Tuesday, May 15, 2007

Why join a genealogy society?

I posted yesterday about finding my comments in the July 2007 issue of Family Tree Magazine in an article about declining membership in genealogy societies. I received an email query from Diane Haddad in February, who wanted to know more information in response to my blog post last August. Her query to me concerned this comment in my blog post:

"... You can spend months collecting new data for your family, without knowing a whole lot about doing real genealogy research in original sources. This type of 'pajamas research' appeals to the generation of boomers (still working) who want everything 'now.' Unfortunately, many don't want, or don't realize the need, to take the next step and go to a library, join a society or attend a conference."

Diane's two questions were:


1. If one of those "pajamas researchers" asked you "I research on Ancestry.com and other online databases, I network with other genealogists through mailing lists, and I make it to the library every once in a while. Why do I need to join a society to do 'real research'?" What would you tell him?

My response was:

What you are describing is "searching," not "researching." While Ancestry.com, other online databases, message board and mailing list posts, and books at the library are wonderful resources that help us find probable ancestors and other researchers, they are not enough to "prove" relationships. In most cases, those online resources and library books are based on data submitted by other researchers, and do not [always] contain primary information from original sources. You cannot prove relationships using this information - but you can use the information to find the information that will prove relationships.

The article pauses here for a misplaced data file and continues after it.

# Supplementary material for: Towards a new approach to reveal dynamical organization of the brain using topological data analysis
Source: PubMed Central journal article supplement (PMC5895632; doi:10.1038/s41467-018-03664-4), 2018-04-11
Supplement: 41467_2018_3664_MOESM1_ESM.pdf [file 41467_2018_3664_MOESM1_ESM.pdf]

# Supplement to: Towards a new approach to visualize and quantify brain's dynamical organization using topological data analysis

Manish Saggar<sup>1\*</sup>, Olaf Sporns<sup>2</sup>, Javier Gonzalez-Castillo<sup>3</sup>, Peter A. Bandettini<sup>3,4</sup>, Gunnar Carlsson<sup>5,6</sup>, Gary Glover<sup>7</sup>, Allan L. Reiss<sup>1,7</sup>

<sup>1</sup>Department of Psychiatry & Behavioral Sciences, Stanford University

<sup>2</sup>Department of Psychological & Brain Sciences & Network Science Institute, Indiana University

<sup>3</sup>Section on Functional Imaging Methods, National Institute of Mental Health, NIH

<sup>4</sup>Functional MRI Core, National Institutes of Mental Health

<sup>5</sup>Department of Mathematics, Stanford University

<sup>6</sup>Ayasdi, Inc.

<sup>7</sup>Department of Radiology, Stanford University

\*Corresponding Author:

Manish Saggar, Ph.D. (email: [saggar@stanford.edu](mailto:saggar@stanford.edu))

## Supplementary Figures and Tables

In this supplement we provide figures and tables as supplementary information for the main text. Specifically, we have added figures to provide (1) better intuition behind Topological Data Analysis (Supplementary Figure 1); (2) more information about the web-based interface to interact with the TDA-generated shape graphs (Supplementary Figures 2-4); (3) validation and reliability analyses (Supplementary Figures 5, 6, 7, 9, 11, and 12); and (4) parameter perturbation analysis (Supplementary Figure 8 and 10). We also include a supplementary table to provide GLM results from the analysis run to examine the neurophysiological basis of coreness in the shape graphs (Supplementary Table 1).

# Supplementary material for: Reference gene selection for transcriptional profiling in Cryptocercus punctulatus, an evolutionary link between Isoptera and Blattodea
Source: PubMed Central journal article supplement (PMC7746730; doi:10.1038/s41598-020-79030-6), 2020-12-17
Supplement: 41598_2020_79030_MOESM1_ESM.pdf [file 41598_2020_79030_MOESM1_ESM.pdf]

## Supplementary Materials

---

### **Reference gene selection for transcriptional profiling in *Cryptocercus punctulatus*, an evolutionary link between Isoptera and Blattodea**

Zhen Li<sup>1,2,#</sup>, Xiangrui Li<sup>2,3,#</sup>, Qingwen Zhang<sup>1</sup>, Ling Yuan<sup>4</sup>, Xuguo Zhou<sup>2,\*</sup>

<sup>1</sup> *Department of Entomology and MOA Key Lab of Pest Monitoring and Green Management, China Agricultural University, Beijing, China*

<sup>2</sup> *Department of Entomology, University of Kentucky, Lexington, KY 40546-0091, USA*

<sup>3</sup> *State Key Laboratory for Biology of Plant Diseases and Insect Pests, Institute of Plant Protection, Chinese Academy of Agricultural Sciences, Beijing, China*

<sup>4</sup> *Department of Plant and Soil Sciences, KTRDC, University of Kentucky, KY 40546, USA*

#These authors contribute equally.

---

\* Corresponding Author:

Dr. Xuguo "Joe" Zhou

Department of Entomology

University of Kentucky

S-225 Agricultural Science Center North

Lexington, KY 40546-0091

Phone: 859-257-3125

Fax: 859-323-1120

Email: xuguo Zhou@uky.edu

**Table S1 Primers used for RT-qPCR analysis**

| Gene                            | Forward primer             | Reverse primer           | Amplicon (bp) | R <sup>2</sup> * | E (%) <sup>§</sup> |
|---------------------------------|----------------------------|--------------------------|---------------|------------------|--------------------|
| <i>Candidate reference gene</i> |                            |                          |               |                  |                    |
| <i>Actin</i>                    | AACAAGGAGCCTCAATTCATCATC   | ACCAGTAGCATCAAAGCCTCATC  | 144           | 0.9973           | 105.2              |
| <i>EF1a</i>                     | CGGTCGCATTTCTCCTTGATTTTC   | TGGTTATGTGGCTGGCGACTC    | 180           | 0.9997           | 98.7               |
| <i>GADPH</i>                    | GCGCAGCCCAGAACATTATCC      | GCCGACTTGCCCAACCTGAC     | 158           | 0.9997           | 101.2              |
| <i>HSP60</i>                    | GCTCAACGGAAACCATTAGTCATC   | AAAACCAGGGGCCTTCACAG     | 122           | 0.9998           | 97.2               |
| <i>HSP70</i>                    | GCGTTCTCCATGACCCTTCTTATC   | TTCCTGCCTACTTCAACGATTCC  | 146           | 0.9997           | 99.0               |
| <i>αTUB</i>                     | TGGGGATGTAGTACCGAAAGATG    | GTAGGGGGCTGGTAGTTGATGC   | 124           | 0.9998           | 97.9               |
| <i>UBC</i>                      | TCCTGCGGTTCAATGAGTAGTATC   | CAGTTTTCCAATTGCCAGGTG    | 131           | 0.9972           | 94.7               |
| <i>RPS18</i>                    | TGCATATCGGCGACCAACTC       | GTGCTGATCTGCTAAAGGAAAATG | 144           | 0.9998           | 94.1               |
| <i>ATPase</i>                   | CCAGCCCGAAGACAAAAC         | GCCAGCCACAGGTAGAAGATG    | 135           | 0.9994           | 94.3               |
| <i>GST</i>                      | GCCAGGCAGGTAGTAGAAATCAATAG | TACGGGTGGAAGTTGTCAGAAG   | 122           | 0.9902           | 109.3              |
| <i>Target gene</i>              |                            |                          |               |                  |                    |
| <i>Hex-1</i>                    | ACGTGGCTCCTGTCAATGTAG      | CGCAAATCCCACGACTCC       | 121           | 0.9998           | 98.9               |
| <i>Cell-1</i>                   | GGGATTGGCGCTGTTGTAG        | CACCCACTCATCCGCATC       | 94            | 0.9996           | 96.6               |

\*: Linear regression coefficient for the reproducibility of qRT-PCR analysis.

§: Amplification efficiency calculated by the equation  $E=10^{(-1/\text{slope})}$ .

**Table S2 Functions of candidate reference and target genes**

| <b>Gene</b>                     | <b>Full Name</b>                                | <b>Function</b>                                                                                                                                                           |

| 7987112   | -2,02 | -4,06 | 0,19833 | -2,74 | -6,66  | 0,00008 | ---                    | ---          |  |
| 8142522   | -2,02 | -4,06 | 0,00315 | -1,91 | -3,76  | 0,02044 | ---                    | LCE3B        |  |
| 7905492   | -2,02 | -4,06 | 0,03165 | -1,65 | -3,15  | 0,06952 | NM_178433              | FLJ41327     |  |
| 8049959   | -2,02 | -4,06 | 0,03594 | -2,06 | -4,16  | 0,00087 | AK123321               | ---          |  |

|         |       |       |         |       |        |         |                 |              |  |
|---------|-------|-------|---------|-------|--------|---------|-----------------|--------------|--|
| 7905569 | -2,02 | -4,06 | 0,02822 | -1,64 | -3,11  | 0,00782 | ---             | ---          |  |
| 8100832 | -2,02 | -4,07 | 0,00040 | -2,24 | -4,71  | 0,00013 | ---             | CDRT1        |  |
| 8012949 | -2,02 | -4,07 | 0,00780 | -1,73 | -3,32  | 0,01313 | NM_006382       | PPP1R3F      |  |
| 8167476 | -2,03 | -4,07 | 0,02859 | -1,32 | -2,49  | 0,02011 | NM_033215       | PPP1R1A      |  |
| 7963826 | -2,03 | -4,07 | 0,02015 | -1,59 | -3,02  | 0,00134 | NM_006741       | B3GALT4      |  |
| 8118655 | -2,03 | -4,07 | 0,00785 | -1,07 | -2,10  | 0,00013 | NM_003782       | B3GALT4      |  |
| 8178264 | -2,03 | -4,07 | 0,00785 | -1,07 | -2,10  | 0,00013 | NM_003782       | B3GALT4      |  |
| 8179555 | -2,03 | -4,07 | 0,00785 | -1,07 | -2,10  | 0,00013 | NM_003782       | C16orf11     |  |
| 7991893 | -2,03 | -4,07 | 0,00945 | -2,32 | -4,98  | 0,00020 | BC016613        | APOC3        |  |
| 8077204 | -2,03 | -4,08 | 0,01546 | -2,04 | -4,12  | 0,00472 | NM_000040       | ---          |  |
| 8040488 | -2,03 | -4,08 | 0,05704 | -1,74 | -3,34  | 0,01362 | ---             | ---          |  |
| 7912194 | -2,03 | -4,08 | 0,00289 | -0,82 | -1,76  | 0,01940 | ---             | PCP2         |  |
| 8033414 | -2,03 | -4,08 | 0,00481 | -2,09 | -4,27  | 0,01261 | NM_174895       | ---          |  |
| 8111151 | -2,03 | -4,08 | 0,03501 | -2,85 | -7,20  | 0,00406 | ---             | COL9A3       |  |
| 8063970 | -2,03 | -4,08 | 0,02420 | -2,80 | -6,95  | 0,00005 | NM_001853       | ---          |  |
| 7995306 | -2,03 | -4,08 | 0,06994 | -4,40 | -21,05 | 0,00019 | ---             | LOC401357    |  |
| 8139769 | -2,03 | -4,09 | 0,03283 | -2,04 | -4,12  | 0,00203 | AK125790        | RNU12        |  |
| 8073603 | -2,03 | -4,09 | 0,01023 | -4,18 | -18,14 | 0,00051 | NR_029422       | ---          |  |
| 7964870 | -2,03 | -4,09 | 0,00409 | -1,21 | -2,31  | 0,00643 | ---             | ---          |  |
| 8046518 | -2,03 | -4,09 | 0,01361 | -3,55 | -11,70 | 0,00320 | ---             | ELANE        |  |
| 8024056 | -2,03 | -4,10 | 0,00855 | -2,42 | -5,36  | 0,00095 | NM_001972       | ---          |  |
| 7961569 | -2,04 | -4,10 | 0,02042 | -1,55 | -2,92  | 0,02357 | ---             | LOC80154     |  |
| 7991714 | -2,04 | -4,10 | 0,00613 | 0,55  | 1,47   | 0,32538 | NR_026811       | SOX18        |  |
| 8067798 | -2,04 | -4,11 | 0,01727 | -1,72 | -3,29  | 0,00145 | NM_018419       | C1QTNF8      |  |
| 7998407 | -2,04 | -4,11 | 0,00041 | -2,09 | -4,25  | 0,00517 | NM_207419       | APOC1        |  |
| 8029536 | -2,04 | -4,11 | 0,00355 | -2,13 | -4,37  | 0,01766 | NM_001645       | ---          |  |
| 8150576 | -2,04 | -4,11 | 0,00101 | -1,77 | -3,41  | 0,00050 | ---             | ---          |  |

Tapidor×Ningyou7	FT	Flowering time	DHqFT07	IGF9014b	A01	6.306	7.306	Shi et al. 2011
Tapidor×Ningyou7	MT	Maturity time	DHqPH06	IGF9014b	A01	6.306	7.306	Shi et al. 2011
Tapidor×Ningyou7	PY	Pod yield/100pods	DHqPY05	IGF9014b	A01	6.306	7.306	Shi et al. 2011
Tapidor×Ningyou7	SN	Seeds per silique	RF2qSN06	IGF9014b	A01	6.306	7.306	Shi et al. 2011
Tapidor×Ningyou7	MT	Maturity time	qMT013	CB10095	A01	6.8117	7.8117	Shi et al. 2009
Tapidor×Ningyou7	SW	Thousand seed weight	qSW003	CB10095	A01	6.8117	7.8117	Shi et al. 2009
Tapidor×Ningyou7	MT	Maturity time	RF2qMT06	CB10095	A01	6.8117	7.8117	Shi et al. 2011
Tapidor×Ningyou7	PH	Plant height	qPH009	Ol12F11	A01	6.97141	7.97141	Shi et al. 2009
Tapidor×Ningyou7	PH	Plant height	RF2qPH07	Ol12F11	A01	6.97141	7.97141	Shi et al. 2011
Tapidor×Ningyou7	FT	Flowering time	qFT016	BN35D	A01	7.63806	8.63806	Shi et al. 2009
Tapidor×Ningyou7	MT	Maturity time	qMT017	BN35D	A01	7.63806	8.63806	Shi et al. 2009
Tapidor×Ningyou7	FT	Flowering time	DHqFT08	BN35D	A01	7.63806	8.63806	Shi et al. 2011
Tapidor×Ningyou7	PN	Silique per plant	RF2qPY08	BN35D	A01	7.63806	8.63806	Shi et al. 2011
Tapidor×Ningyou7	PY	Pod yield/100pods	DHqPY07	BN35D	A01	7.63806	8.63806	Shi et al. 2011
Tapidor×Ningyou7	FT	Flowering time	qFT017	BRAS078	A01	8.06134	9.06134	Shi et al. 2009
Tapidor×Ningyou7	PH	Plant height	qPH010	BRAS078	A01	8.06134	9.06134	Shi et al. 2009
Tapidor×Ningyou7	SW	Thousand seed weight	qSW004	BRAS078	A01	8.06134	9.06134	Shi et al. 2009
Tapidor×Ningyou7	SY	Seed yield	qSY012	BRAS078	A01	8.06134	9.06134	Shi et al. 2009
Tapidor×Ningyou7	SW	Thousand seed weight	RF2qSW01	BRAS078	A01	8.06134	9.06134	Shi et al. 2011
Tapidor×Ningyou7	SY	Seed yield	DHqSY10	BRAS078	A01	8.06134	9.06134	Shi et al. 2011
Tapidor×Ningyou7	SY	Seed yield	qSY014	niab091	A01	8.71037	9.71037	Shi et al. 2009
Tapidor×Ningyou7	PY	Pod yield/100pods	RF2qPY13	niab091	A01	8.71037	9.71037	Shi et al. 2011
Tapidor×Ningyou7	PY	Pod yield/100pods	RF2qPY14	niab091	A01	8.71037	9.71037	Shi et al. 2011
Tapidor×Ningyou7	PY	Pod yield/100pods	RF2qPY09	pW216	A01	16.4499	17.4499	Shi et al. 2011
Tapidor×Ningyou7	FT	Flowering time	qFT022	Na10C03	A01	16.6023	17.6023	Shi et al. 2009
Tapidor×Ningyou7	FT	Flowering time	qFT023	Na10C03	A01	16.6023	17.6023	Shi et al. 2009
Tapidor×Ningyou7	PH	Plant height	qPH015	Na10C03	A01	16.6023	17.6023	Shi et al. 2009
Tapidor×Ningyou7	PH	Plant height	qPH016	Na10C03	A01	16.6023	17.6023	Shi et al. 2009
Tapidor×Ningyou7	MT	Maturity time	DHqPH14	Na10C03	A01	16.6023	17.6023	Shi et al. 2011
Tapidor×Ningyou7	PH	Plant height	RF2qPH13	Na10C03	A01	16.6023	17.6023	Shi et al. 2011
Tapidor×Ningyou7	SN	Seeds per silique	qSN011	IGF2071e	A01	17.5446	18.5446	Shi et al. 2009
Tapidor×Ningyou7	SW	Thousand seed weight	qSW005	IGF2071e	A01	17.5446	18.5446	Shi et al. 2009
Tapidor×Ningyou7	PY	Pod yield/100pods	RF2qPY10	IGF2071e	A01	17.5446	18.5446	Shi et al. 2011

"Real research" will take you into the land, probate, court, tax, vital, military and other original sources that document relationships and events in each person's life. These records are, in general, not digitized or indexed online. They can only be found at county courthouses, historical societies, the National Archives, in manuscripts at local repositories, or on microfilm that can be borrowed from the Family History Library in Salt Lake City. Note that the goal of the Family History Library is to digitize and index these records.

So why join a genealogy society? The simple answer is "So that you can take advantage of the collected and shared knowledge of a group of experienced genealogists, and can broaden your own knowledge through educational classes, seminars and guest speakers." The local societies are the entry to the world of genealogy education.

Each researcher knows something about one or more subjects, or one or more localities, and inevitably your interests will overlap their interests. Most genealogists are very willing to share their knowledge, and to help other researchers. Many of these people have many years of experience (many from before there was an Internet), and their knowledge is invaluable. Genealogy education is a lifelong experience that is tremendously rewarding for each researcher. Hopefully, if you gain specialized information and significant experience, you can share your knowledge with others in a genealogy society, as a program or seminar speaker, or as a writer.


Question 2. Perhaps it¹s not so much that people need it now - maybe they're casually interested in genealogy, don't have time to more fully pursue the hobby, or first encountered genealogy through the Internet and haven't yet learned societies exist. They're not in your 20 percent. Can societies change to appeal to these people (and should they)? If so, how?

My answer was:

The reality of local genealogy societies (and to some extent, regional and national societies) is that they are mainly composed of retired people who have the time and interest to do genealogy research and enjoy the social aspect of societies. Many local societies have seen their membership drop significantly due to aging and the perception by some that the "Internet has everything I need." Consequently, it is necessary for all societies to try to attract those that are casually interested or are unaware that local societies exist.

How to appeal to those people is difficult - it can only be done by offering services that will draw them to classes, meetings, seminars or societies. FREE services are better than a perceived high cost. Publicity about society events in newspapers, on library bulletin boards, or on web sites may attract these people. Weekend or evening programs may attract people who are working during the week. A society working with a local library to reach out to the community with "Family History Day" or "Consult a Genealogist" programs may attract those who have an interest but little time.